Federal Housing Finance Agency Acting Director Edward DeMarco. (AP Photo/Manuel Balce Ceneta)
Fannie Mae and Freddie Mac won’t reduce the principal of underwater homeowners—FHFA head Edward DeMarco made that official  yesterday. Despite the fact that FHFA analysts concluded  this week that forgiving certain mortgage debts could save public money, DeMarco said yesterday he would not allow it because of the “costs and risks”—he is particularly concerned that people might strategically default to qualify for help.
This is a nonsense argument—as Treasury Secretary Timothy Geithner pointed out in a letter  [pdf] to DeMarco yesterday, strategic default is an incredibly risky strategy:
A borrower who defaults cannot be certain that he and she will obtain a HAMP modification, much less…principal reduction. Therefore, a borrower would take a substantial risk be deliberately defaulting: they would have to choose to damage their credit for years to come and perjure themselves on the chance that they would be found eligible for the program.
Despite the consistent worry  of financial elites, strategic default has never been a hazard in principal-reduction efforts—via  Jared Bernstein, we see that nobody is strategically defaulting to get relief under the national mortgage settlement:
Few, if any, borrowers strategically defaulted to take advantage of mortgage servicer relief under the $25 billion settlement struck in March…
In fact, the percentage of current underwater borrowers moving to delinquent status, or the roll rate, shrank to 2.8% in June from 3.1% in February, a trend consistent since before a deal was reached with mortgage servicers to settle past foreclosure abuses.…
“Fitch views strategic defaults as an ongoing concern,” the credit ratings agency said in a report Monday. “That said, there does not appear to be any sign yet of a material change in the behavior of underwater borrowers attempting to strategically default to qualify for a reduction.”
But bankers always worry about these phantom defaulters. “This is something you often see among bankers and lenders who view any sort of write down as the unacceptable breaking of a contract,” notes Bernstein.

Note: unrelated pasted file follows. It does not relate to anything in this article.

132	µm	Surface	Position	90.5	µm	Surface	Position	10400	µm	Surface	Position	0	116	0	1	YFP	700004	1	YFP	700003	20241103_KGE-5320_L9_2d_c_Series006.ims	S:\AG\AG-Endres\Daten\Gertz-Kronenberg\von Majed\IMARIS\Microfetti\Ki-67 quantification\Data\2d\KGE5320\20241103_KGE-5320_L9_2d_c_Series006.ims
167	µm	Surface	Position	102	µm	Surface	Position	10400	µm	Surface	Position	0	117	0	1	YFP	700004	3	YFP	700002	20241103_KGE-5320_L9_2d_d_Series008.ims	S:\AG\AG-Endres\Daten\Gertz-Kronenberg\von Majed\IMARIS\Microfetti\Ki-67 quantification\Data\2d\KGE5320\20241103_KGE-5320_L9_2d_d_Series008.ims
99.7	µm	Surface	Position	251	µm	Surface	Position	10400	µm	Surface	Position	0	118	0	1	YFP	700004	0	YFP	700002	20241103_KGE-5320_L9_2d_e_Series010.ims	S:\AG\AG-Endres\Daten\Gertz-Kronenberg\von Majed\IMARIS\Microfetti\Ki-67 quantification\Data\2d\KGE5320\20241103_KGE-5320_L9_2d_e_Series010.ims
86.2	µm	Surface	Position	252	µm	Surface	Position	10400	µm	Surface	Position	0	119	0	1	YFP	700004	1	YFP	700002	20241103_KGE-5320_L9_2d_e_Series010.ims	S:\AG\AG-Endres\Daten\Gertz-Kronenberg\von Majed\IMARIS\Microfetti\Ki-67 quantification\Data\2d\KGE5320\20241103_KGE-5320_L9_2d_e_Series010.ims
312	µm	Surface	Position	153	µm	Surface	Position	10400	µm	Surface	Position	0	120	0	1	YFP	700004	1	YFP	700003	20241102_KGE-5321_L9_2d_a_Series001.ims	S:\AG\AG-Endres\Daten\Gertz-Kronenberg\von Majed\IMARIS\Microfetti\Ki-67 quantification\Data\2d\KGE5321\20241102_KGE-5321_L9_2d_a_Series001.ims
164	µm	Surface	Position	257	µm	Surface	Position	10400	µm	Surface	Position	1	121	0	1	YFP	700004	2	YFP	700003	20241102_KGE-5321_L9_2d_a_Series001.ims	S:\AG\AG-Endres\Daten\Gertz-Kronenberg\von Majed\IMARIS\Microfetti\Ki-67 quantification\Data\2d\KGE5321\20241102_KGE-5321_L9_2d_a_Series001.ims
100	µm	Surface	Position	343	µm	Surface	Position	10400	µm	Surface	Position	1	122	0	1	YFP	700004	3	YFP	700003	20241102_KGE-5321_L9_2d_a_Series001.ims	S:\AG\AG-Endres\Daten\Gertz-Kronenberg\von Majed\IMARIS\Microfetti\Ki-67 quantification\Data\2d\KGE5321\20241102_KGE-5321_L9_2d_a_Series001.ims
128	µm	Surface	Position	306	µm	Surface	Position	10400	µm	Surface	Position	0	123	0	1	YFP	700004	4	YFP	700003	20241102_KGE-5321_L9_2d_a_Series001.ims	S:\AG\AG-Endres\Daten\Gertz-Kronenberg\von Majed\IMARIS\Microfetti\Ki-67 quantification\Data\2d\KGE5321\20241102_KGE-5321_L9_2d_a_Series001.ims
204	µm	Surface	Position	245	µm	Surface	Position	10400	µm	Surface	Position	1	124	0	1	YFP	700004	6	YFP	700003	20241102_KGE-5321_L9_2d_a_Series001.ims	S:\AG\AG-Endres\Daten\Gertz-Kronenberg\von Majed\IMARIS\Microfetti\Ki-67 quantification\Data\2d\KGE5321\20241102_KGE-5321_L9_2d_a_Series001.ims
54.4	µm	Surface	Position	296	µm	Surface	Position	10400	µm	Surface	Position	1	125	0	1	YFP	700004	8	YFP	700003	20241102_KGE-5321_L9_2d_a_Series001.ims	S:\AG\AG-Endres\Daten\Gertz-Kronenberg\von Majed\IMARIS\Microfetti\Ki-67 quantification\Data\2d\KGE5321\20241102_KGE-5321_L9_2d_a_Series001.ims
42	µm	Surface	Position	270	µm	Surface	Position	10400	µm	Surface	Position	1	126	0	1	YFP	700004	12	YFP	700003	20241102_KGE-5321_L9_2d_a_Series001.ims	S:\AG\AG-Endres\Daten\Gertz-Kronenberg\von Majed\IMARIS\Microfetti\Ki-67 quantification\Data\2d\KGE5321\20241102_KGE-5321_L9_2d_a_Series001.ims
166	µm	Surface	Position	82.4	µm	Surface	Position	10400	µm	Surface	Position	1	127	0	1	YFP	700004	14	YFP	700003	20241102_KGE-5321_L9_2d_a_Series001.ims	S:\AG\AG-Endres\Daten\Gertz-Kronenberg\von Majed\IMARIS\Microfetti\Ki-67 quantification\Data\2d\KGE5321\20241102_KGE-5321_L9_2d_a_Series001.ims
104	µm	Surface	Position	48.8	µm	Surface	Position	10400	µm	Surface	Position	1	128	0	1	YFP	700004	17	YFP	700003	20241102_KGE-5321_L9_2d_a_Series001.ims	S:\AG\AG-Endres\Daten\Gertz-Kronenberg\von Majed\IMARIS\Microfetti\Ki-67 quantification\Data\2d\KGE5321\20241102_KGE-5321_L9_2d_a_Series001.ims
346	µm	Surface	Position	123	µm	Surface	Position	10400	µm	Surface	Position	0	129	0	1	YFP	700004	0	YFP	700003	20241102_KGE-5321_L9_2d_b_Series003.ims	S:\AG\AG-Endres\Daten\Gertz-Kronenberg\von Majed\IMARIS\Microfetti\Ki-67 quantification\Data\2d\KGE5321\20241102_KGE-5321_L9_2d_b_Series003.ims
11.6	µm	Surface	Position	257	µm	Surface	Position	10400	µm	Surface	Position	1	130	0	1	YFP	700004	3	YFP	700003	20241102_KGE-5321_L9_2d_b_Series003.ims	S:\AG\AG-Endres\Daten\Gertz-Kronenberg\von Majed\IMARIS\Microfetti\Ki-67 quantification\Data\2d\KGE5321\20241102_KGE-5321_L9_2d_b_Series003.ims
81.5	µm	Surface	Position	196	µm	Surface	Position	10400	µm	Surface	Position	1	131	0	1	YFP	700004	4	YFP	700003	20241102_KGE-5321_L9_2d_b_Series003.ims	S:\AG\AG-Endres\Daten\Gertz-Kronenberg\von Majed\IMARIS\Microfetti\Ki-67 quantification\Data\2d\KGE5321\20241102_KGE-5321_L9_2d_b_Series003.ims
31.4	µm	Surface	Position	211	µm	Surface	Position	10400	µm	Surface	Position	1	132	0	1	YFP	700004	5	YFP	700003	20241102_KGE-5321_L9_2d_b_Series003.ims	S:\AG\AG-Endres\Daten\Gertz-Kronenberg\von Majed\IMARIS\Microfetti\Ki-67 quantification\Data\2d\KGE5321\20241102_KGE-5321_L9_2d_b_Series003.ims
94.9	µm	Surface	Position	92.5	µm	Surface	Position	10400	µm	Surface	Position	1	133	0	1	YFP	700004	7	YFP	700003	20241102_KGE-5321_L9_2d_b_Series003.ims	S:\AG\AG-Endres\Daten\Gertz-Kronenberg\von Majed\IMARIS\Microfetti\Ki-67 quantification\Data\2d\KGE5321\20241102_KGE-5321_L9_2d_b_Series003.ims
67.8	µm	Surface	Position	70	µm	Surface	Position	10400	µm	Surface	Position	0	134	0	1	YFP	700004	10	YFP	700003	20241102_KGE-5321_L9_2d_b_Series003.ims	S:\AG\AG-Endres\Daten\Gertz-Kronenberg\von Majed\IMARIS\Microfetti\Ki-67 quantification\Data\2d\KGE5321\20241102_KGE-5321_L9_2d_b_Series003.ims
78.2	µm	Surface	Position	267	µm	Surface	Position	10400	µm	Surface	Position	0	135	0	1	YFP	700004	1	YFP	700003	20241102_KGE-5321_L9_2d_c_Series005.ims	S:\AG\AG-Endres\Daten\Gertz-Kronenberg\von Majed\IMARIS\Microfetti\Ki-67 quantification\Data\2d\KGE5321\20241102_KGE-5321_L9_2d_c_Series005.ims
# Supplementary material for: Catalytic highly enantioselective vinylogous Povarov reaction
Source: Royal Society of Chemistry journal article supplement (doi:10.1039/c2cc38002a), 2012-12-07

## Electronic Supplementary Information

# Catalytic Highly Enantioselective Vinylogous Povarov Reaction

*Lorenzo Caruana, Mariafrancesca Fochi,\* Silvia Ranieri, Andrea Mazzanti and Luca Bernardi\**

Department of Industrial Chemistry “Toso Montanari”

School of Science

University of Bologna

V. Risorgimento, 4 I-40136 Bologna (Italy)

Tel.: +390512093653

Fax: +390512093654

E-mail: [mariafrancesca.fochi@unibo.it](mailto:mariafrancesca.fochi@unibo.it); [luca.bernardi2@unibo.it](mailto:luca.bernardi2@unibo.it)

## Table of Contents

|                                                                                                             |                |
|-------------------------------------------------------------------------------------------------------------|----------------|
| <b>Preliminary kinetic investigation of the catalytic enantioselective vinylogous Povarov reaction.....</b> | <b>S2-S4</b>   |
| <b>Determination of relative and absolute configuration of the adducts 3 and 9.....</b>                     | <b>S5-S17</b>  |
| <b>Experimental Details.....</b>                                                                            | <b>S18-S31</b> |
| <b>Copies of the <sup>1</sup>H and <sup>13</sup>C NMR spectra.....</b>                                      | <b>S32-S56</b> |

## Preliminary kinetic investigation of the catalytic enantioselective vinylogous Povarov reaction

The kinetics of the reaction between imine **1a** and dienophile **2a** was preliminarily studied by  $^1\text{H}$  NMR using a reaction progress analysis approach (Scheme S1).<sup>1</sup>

Democratic critics—who have for months been hammering  DeMarco for his obstinacy—are now focusing on his apparently ideological opposition to principal write-downs. “We are five years into the housing crisis, and FHFA remains paralyzed by the fear that somehow homeowners innocently trapped in the worst economy since the Great Depression are going to weasel out of paying every penny on their mortgage that they could,” said Representative Brad Miller in a statement.
In a way, DeMarco is making his position more untenable by opposing write-downs on ideological grounds. That’s not something that can be easily rectified—as opposed to having complaints about technical aspects of the program.
Obama has the power  to replace DeMarco whenever he wants. Since DeMarco is only Acting Director of the FHFA, Obama can simply nominate a permanent one. That person would have to clear a Senate confirmation vote, which won’t happen this year (but might be an interesting fight to have in an election year anyhow). Moreover, Obama could use a recess appointment to install someone else.
Progressives have been pushing hard on the White House to replace DeMarco—and now that DeMarco has dug himself in, why not do that, especially now that he has gone through the motions of considering and then denying write-downs.
Many progressive critics of the administration correctly note  that for years, the administration opposed principal reduction too, and has only recently come around to it. So was that a true policy evolution, or political theatre in an election year? Forcing in an FHFA chief who will do principal reduction—or failing to install that person—would go a long way to answering that question.